I don’t understand how research firms and analysts come up with their predictions. It often seems like they follow a formula that ignores past successes and is overly optimistic of new products.
According to Gartner (via 9to5mac.com) tablets are set to take off over the next 4 years. I don’t think anyone debates this.
However, here are their predictions for the OS’s that those tablets are going to run:
QNX (better known as the Blackberry Playbook OS) has been a flop this year, and didn’t even exist last year. But they predict that in 2015, it will ship on 26 million tablets, or 8% market share.
Microsoft has made no real progress in the tablet space in the past few years. Each announcement has been either delayed, or cancelled. Remember when at CES 2 years ago Ballmer showed off the “slate” that ran Windows 7? It never shipped. But Gartner believes that Windows 8 will sell 34 million tablets in 2015, or double what the iPad shipped last year.
Android Tablets barely have made a dent in the market. There are a lot of them, but none have made a meaningful impact. I don’t know if Gartner includes all Androids (for instance, the Barnes and Noble Nook Color) in these figures. However, they expect that it will start approaching the iPad in 2015.
I think that at the moment, it’s anyone’s guess. Until we can start seeing the start of explosive sales from ANY of the tablet vendors other than Apple, I don’t think it’s safe to assume that the market will automatically spread out between vendors. The only safe bet for the moment is that Apple will continue to sell tons of iPads. They ARE the tablet market at this point.
Apple’s attempt at a major cloud services offering is almost here. Tomorrow morning we’ll have a better picture of what iCloud is, and how it will affect Mac and iOS users and developers.
In this post I’m going to look into what Apple could be working on from the perspective of what I think that iOS could benefit from with a comprehensive cloud services offering. By identifying these areas that can be improved, I think that I can predict at least some of what we on Apple’s priority list with iCloud.
Problem: larger music ibraries don’t fit on smaller devices
Problem: Purchasing content from iTunes doesn’t allow that content to be redownloaded at a later time.
I think that for some users, this will be the most exciting thing about iCloud, while to many others, it will have limited usefulness. The Music companies can never keep quiet when signing a new deal, and this is no exception, so we know that there will be at least some kid of streaming or synching cloud based library. Perhaps there will be a fee for this, perhaps not, but I think that this will be only one of the important aspect of iCloud.
Problem: iOS devices require a computer when you first get them home, even before you use them.
Problem: iOS devices require a computer and iTunes to be able to back up their contents
Expect to see some of this addressed by Apple tomorrow. I’m not sure if they can pull off an entire computer-free environment just yet, but something like adding Time Capsule support for iOS would allow the device to do it’s sync and backup without iTunes, and without requiring a home internet connection with a huge upstream and lots of cloud storage.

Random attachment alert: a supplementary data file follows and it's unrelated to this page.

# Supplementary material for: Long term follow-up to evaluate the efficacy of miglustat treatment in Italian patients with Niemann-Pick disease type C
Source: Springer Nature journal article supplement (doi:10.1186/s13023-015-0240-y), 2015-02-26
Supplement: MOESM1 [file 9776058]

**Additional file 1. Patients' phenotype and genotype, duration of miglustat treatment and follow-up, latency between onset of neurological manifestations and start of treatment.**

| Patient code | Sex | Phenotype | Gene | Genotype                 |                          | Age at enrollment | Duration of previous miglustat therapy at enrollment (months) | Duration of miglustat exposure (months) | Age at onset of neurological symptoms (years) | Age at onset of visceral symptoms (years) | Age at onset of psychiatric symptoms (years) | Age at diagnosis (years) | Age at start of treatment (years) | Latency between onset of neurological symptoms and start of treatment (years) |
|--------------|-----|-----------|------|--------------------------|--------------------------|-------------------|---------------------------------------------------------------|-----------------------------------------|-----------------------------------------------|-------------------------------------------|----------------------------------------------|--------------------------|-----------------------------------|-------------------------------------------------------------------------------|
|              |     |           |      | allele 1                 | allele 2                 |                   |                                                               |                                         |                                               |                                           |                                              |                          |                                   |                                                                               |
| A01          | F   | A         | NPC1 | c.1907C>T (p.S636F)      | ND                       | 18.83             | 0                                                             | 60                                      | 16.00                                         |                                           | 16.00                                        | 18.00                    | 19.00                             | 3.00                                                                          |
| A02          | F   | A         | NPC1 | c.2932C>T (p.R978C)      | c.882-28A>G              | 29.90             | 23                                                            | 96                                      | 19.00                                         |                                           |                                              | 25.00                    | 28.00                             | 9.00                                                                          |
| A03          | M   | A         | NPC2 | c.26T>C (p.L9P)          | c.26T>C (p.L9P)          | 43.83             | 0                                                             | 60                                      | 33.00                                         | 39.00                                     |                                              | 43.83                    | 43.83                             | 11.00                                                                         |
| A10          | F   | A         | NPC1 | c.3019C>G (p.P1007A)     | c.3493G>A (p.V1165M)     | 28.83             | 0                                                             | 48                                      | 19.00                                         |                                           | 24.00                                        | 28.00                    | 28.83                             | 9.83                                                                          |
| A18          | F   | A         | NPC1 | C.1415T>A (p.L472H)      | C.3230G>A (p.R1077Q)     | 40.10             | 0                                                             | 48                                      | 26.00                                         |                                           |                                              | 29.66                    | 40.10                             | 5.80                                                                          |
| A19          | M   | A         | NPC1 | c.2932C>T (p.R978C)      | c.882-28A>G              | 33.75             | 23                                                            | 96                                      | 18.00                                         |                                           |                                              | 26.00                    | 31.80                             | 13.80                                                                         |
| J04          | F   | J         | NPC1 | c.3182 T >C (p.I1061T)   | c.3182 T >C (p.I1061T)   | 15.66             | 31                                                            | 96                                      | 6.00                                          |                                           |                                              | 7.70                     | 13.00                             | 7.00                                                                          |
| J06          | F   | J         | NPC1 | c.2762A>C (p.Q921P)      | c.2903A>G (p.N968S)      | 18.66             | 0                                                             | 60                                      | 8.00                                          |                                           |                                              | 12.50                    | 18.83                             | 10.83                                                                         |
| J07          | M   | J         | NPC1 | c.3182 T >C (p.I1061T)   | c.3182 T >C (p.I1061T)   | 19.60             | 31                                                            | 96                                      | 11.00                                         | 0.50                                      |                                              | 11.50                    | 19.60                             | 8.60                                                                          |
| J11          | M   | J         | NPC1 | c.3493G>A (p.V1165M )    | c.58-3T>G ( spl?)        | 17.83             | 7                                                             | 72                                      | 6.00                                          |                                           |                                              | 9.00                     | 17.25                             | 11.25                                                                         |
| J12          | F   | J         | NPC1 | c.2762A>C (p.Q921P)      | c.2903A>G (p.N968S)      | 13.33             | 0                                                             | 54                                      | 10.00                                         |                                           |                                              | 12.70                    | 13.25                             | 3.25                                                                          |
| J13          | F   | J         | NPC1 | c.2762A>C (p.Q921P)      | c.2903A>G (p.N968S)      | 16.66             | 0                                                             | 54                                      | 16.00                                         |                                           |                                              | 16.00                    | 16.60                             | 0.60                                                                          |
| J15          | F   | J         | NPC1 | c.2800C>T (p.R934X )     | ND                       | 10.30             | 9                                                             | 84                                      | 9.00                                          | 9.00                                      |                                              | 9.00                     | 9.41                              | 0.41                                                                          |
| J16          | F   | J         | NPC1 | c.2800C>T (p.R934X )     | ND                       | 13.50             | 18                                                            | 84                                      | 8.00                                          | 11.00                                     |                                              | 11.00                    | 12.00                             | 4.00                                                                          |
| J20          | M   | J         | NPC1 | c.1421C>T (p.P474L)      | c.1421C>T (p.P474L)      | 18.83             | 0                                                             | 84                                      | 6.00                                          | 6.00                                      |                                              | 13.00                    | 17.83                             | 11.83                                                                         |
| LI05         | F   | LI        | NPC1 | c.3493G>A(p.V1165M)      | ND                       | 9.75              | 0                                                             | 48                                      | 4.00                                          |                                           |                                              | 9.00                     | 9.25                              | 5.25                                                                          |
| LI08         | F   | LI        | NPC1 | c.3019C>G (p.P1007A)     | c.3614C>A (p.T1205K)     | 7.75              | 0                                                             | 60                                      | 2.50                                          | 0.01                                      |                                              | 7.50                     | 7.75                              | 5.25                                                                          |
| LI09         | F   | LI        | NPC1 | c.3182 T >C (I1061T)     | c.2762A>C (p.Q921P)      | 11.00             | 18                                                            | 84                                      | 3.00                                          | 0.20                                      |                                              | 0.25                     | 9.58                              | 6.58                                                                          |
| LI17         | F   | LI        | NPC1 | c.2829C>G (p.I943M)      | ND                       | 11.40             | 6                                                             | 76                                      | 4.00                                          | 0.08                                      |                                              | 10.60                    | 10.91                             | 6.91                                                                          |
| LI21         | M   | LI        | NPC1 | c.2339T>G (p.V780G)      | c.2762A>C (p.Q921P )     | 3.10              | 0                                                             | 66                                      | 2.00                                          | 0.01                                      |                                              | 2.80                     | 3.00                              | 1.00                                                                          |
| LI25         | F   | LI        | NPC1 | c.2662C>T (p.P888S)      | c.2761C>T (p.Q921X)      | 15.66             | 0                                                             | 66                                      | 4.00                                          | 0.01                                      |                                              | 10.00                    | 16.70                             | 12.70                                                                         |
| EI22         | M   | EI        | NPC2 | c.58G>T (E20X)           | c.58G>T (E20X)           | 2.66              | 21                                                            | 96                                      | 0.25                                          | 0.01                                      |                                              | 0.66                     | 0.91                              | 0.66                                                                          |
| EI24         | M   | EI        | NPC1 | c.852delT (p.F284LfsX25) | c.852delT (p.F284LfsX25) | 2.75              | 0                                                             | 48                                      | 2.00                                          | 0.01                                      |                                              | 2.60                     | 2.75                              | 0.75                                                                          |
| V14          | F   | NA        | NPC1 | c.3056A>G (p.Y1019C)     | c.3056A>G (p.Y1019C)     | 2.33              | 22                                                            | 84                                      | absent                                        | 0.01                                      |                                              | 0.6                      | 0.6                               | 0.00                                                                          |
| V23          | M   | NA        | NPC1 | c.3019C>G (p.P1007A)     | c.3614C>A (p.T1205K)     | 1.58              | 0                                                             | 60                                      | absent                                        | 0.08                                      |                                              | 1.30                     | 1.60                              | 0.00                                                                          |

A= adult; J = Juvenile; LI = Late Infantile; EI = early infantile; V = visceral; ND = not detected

Problem: Finding already-purchased apps on the App Store for re-download is difficult.
Even though the App Store allows unlimited re-downloading of apps, it doesn’t provide a view of all of your apps, making the simplest way to make sure your apps are on your phone is to use iTunes. A proper interface for listing the apps available to install would simplify matters.
Problem: Apps don’t update themselves from the App Store, users have to go get all updates manually
I’m sure that Apple is going to be changing this. Expect them to allow apps to auto-update in the background.
Problem: With multiple iOS devices, settings and app data doesn’t sync across the web easily.
If you have multiple devices, this can be a real annoyance. Some app developers that want to address this end up writing there own web connections that allow them to synchronize the devices. Most end up leaving it alone. What if iCloud brought dropbox-like content synching to iOS, where a simple folder in the file system would automatically be synchronized with the cloud, so that all devices would have this same folder available?
Problem: Multitasking rules prevent applications from retrieving updated content from the web without the application launching.
Apps like The Daily, Reeder, Instapaper, and any number of magazines expect that you’ll have internet access wherever you prefer to do your reading. They then all go through a process to download the latest issue, which a user must wait for. What if iCloud had a dropbox-like folder that also had a server-side API so that magazines could write the latest issue to it as it’s released, and then leave it to be synchronized to the devices by Apple? An app not launched for days could still have this morning’s issue ready for you.